This project is a recreation of the famous Battle Ships board game.

Drag and drop your ships, double click to rotate and get ready for battle!


2.5 weeks

Approx 80 hours





> Drag and drop

> Double click to rotate ships

> Random auto-place for mobile

> Smart AI

Project Goal

The goal was to create a responsive and easy to use game using factory functions whilst following best practices such as TDD and the DRY method.

It was essential for me to not be overwhelmed by TDD and simply take one step at a time. Write a test, then make it pass.

I'd built up my javascript skills to a decent standard making smaller applications at this point in my developer journey. I was ready to get myself into the deep end and challenge my new skillset.


When I built this project, it was at the early stage of my developer journey, and I'd not yet learnt any frameworks. Javascript, CSS and HTML were my go-to languages.

However, I'm glad I didn't move to a framework too quickly because learning the fundamentals and basics of Javascript is essential and really helped when transitioning to React.

javascript ES6



Technical Hurdles & Solutions

There were two significant issues that I ran into during the project.

First, was the drag and drop feature. I'm filling in the squares by appending a class name to a grid square however because it's only being dropped in one square the surrounding squares were not being filled. To solve this problem, I had to create logic to handle different scenarios depending on the class name assigned to the battleship. If the ship had a 'horizontal' class name, then javascript would use that data to update the correct array.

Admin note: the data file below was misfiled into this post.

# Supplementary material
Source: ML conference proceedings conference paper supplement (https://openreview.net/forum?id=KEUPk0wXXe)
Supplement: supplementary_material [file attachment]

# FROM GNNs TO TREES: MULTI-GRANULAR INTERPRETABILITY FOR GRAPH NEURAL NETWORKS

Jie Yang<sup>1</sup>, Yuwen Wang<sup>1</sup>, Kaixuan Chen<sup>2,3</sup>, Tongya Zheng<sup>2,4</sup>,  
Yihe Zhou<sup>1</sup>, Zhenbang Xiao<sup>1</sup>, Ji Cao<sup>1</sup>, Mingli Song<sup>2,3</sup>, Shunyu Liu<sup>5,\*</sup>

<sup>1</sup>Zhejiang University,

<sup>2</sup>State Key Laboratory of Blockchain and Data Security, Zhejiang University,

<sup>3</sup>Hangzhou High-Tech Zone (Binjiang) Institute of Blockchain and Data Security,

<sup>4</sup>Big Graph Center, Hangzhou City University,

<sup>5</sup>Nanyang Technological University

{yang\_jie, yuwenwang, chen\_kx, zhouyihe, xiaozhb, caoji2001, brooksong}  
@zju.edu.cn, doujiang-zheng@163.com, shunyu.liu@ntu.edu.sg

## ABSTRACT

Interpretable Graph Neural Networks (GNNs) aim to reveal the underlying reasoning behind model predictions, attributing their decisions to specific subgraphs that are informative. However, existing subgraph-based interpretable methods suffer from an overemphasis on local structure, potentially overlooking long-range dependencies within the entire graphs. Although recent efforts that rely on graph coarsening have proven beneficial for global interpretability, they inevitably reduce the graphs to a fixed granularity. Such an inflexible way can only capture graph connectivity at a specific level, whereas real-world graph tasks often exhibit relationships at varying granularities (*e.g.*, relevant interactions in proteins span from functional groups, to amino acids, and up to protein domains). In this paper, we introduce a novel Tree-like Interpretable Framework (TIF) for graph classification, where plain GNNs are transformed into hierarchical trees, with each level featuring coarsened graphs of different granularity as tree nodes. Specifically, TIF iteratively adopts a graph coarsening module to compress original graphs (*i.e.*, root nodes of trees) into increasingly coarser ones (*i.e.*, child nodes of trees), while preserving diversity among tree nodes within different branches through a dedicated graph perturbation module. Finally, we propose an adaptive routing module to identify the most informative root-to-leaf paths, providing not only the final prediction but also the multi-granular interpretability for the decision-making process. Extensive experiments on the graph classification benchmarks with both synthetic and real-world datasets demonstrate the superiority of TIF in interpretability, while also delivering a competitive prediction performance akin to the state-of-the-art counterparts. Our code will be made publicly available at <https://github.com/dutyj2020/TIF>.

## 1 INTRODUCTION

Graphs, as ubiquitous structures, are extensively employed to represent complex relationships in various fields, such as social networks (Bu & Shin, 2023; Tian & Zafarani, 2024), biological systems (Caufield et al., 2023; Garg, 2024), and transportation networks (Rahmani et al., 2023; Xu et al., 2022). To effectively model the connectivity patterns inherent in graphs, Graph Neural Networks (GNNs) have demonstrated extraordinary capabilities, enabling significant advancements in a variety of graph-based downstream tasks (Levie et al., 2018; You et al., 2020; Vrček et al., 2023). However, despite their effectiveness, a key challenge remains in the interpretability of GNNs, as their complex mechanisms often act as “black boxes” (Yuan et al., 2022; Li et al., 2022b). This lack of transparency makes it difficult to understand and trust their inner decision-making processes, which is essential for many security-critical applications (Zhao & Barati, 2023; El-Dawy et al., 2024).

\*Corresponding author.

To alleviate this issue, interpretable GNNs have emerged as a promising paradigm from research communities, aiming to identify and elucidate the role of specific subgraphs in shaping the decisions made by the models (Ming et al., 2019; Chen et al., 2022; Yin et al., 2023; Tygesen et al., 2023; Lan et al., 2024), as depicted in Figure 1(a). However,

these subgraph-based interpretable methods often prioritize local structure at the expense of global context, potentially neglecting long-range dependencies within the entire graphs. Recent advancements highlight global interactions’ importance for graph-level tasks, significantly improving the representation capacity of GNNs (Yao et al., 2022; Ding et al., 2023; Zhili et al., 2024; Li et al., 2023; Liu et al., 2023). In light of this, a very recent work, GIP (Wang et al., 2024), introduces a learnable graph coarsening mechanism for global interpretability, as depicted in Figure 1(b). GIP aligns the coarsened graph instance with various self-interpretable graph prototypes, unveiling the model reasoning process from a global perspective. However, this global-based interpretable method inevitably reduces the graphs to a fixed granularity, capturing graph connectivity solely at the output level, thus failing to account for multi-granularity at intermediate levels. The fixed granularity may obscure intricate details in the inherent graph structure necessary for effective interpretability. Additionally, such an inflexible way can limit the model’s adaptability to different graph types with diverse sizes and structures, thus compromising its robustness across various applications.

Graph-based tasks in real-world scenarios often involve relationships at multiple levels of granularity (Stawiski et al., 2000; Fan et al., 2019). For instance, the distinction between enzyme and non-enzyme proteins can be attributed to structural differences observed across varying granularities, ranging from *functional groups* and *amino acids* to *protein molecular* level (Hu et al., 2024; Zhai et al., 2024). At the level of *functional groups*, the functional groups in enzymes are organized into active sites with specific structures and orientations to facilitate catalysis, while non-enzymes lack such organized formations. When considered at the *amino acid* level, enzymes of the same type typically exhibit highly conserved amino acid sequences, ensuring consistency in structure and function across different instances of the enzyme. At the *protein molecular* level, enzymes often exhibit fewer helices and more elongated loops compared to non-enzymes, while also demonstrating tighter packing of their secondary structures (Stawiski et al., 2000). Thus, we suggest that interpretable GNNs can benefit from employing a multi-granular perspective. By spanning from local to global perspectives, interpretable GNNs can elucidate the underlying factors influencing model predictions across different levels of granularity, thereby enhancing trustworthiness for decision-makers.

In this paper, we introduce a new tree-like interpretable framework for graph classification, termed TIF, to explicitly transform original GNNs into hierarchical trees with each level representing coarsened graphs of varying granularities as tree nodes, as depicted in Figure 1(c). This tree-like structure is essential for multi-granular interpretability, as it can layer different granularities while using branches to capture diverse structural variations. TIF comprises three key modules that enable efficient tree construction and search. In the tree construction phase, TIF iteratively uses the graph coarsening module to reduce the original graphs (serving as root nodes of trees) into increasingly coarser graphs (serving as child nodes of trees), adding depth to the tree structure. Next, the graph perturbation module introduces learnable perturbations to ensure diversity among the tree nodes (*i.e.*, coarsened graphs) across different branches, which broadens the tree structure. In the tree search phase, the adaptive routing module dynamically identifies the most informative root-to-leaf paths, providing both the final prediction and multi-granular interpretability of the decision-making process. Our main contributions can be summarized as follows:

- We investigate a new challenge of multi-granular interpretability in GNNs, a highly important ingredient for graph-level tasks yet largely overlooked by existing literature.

The second issue was improving the AI. Initially, the AI would just randomly pick a square, so I polished the computer's intelligence by having it attack adjacent slots after getting a hit. This was very tricky and required complex logic. I used a combination of if statements and array iterations to get this working.


Code Snippets

Lessons Learned

A big mistake I made at the beginning was rather than naming the squares class name from 1 to 100 I called them A1 - J10. Having the letter in the class name made it far more difficult for handling the logic in Javascript. In hindsight, I should have planned the app extensively, as I've recently done when I built the Podcast app.

I also learnt the power of pipe functions. Using pipe functions is a powerful way to write procedural code and chain functions together, which helped me write simpler code whilst also making the code more declarative and easy to update.

In reflection, if I was to remake the app, I would write more tests and try to make the logic simpler as its a bit contrived and complex. I would do this by splitting the code into different scripts, writing down a plan, and continuously refactor the code.

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